However, EU, Syria and Turkey were able to find a common interest to create a stable region before the Arab Spring and civil wars happened. According to EU, Syria and EU had an important role to give new point of views regarding the Middle Eastern conflicts in international level. For Stefan Füle, then European Commissioner for Enlargement and European Neighbourhood Policy, Syria imposed a reform process to modernize the economy and to increase the living standards of people. Syria started to open up to the world by implementing trade agreements with Arab countries and Turkey. EU promised to support Syria during the reform process. EU became the most important financier and trade partner for Syria with financial aids reached to 210 million Euros per year and its 5.3 billion Euros trade capacity by the year of 2009. While EU was seeking to strengthen its relations with Syria, its desire to develop the relations with its Mediterranean partners relied on partnership agreements were always kept in the background.[25]

There have always been common issues that link EU and Turkey, such as economic crises, energy safety, environment, the dialogue among civilizations, the acceptance of principles of democracy-human rights-rule of law, the construction of stability in neighbour countries. With the rise of Arab Spring in general and Syrian Civil War in particular, stability became high priority issue. Both parties needed to cooperate for solving the problems of stability and other issues. It was one of the main reasons of the planning of “Positive Agenda”[26] for EU-Turkey relations in 2011. By doing so, they tried to enhance the dialogue for foreign policy issues, particularly with regard to Syrian Civil War.[27]

Another reason why ‘Positive Agenda’ was launched is to eliminate the weakness resulting from the absence of progress in the negotiation process and to provide increased cooperation in foreign policy. Hence, the existence and development of ‘Positive Agenda’ have pointed out the weakness of partnership in foreign policy and of the common perception. In this framework, EU wanted to enhance the cooperation with Turkey regarding the security issues and fight against terrorism. Two meanings can be assigned to this matter. First, EU tries to approach to Turkey’s terrorism agenda and to transform its issue of terrorism as well as its fight against terrorism into common concerns, since EU heavily condemns terrorism and declares that it understands Turkey’s priorities. Secondly, EU desires to integrate Turkey’s legislative regulations, methods and instruments to its own perspective and implementations. This can be understood from its institutional statements that Turkey needs cooperation for the issue of terrorism and fight against terrorism. For instance, EU recommends Turkey to collaborate with European Police Office (EUROPOL) to protect private information. Moreover, the cooperation between law enforcement officers –particularly police and EUROJUST– is presented as judicial cooperation enhancing factors. It is emphasized that Turkey cannot provide legislative alignment with international regulations with respect to terrorism financing. Additionally, the armed struggle against terrorism is not seen as a solution-oriented action by EU.[28]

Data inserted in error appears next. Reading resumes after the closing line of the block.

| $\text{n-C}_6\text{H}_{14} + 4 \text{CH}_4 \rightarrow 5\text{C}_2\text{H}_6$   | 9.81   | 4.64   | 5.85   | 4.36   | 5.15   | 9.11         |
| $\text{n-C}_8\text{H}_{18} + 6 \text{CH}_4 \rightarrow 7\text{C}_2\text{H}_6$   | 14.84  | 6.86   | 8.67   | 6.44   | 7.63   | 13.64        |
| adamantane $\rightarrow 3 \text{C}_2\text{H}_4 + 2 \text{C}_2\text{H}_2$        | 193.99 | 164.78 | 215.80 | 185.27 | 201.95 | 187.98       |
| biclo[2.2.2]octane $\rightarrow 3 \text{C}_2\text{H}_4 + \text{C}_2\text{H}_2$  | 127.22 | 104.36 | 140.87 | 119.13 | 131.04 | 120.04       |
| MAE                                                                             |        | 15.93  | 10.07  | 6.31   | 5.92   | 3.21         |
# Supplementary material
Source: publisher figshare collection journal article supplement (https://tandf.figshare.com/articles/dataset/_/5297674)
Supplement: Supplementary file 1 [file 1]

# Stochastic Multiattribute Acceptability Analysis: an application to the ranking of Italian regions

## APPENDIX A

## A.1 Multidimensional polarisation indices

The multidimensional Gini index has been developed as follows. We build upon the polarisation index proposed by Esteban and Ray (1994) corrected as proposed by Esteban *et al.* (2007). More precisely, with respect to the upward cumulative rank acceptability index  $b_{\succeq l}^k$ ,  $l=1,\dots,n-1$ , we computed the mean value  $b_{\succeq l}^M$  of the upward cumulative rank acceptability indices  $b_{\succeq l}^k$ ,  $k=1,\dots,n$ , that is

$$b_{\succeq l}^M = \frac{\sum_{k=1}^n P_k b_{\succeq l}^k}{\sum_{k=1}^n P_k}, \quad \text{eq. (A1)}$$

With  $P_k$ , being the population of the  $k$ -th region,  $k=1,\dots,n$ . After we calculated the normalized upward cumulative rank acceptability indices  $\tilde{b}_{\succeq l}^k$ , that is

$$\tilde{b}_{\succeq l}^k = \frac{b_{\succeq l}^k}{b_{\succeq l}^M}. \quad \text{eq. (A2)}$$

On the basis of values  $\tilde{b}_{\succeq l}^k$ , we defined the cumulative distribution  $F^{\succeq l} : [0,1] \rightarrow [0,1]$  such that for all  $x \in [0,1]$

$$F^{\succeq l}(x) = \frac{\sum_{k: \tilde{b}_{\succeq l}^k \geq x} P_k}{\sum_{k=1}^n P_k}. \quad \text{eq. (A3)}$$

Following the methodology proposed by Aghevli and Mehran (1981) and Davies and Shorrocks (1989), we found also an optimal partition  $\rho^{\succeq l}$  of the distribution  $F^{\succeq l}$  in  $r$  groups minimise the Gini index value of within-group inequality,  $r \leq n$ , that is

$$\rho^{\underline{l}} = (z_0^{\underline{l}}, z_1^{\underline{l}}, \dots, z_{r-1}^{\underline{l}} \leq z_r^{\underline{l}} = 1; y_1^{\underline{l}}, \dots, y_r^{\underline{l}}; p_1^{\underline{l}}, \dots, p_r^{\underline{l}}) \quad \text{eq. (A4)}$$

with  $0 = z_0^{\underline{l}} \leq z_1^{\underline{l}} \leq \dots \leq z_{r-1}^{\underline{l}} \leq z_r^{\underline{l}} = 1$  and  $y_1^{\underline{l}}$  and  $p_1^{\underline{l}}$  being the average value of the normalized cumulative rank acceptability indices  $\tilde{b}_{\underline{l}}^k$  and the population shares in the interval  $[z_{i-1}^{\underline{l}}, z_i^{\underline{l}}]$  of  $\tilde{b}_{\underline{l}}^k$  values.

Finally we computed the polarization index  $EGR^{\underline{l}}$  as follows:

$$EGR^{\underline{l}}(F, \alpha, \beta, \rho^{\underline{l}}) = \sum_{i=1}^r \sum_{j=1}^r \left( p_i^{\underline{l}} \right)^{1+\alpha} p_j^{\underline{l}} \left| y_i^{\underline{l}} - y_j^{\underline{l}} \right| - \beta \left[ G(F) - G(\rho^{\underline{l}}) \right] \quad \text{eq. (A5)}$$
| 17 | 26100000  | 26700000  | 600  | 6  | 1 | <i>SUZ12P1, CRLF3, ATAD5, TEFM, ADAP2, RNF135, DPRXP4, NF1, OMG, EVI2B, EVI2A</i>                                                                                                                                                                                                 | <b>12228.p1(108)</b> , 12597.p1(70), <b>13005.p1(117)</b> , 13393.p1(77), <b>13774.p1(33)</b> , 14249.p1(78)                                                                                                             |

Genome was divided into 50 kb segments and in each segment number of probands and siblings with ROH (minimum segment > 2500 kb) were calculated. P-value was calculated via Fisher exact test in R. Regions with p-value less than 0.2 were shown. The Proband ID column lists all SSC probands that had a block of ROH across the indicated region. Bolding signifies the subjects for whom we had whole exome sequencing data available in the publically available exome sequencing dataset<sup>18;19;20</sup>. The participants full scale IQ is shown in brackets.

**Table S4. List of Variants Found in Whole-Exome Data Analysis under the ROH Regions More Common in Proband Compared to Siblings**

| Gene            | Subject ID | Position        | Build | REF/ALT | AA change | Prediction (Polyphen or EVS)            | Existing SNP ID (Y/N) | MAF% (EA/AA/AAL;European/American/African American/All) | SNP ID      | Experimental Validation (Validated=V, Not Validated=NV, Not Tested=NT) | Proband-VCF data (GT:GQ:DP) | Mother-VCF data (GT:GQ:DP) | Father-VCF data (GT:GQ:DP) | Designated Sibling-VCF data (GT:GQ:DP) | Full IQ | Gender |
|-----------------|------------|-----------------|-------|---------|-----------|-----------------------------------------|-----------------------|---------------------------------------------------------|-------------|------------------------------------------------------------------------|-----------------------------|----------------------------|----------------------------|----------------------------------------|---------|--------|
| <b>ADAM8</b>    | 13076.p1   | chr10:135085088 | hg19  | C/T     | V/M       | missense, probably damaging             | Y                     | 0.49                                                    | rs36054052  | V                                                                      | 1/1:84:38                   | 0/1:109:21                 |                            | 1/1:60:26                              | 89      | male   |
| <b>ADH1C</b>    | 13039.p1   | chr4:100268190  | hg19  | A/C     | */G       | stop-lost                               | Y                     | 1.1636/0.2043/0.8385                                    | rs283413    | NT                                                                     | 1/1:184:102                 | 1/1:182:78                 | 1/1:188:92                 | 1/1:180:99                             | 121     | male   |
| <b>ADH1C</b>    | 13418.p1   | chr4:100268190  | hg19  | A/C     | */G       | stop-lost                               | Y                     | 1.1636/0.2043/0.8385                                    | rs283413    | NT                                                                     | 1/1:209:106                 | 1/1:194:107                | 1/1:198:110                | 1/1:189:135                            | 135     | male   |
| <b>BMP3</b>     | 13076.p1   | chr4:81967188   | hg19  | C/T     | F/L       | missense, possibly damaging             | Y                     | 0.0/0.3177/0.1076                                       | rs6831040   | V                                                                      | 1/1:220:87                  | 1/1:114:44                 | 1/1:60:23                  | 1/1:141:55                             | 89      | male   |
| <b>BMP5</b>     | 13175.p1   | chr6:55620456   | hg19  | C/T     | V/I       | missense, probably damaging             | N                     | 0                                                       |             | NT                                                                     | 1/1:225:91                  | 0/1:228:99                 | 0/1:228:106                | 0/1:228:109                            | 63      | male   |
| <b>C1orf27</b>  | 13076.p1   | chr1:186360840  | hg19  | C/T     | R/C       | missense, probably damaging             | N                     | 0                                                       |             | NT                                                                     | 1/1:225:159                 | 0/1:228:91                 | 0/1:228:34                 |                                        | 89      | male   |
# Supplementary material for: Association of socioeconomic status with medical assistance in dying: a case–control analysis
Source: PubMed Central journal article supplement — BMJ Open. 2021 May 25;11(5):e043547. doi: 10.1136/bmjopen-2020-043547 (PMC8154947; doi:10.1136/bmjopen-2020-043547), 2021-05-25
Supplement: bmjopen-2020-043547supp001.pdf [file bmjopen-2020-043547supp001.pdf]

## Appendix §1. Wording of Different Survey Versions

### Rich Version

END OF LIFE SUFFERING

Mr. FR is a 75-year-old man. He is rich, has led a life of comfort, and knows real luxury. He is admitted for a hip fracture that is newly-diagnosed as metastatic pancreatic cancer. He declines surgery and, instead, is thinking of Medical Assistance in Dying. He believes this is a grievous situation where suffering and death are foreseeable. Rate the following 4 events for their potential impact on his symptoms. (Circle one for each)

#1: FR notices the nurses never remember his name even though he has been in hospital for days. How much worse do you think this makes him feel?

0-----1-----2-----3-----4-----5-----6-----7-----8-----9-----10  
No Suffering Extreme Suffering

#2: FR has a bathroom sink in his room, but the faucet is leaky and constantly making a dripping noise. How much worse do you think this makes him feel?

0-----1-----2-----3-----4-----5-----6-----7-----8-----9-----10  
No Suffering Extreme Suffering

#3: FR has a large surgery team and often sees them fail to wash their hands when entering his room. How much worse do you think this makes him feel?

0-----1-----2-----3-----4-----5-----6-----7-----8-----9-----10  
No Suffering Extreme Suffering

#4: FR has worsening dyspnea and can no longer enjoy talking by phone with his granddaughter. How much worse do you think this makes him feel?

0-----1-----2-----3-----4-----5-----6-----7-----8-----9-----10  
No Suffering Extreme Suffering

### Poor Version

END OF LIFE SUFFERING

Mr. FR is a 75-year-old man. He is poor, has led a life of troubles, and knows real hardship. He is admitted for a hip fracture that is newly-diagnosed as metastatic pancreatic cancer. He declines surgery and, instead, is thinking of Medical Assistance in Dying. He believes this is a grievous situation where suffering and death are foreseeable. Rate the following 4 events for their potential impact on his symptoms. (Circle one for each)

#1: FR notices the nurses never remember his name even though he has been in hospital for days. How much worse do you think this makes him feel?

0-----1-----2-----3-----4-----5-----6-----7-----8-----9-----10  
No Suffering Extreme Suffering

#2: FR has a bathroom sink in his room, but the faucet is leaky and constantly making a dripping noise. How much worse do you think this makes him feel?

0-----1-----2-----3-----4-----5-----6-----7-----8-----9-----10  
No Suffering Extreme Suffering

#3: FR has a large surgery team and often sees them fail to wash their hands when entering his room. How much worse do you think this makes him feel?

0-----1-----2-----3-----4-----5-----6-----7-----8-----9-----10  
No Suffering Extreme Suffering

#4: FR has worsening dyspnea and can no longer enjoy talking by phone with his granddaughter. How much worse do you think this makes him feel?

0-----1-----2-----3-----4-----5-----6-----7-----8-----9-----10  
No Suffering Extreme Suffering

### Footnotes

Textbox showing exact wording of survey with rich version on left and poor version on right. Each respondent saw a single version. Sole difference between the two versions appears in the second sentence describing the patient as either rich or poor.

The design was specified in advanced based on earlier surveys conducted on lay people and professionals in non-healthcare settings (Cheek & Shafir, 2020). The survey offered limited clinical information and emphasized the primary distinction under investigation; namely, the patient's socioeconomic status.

These mentioned disagreements are important as they actually show the cooperation problem between EU and Turkey, and this is a problem of both sides. According to Füle, Turkey did not make enough effort to enhance the cooperation during the negotiation process, and some EU member states tried to change the rules of the game. He disapproved Turkey’s attitude that focused on accession date acting upon the discourse as “we have deserved the membership”[29] and he thought that such attitude would fail.[30] EU has pointed out together with Turkey, the importance to define the possible common threats from its neighbours for developing a strategic dialogue and cooperation in foreign policy.[31]

Although Turkey severely condemned the act of violence of Syrian regime on the civilians and opened the borders for Syrian immigrants and provided humanitarian aid; it is remarkable that, in contrast to the previous years, it received a lower degree of compliance with the CFSP declaration in the 2012 Progress Report prepared by European Commission.[32] The same conditions also apply for the 2013 Progress Report. It was stated that there was an increasing tension on the mutual relationships with Iraq in this period and that the active dialogue of Turkey with EU about the counter-terrorism was strengthened; however there was no law to protect the personal data. It was remarked that there were differences between the norms which determine the terrorism definitions and enforcements, of Turkey and EU countries. It was pointed out that Turkish legislation was required to comply with EU legislation from the point of terrorism definitions and enforcements within the cooperation of counter terrorism. 2014 Progress Report indicated that Turkey agreed with 13 decisions out of 45 EU declaration and Council decisions and the accordance remained at 29%, comparing with the rate of 46% in the 2013 Progress Report. Turkey notified that it did not agree with the Council decisions related to the Crimea’s annexation to Russia and the incidents in eastern Ukraine, including the restrictive precautions. It was highlighted that the normalization period with Israel, starting in 2013, had not been completed and the relationship with Egypt was deteriorated significantly. It was almost complained of the lack of solution for EU-NATO cooperation, going beyond ‘Berlin Plus’ regulations and involving all EU countries. It was mentioned in the report that the agreement level of Turkey with EU declarations and Council decisions decreased in contrast to the previous years and it was necessary to increase it.[33] As understood from the large-perspective detections in the progress reports, EU stated that the support level for declarations was low although Turkey tried to comply with CFSP or made an endeavour.[34]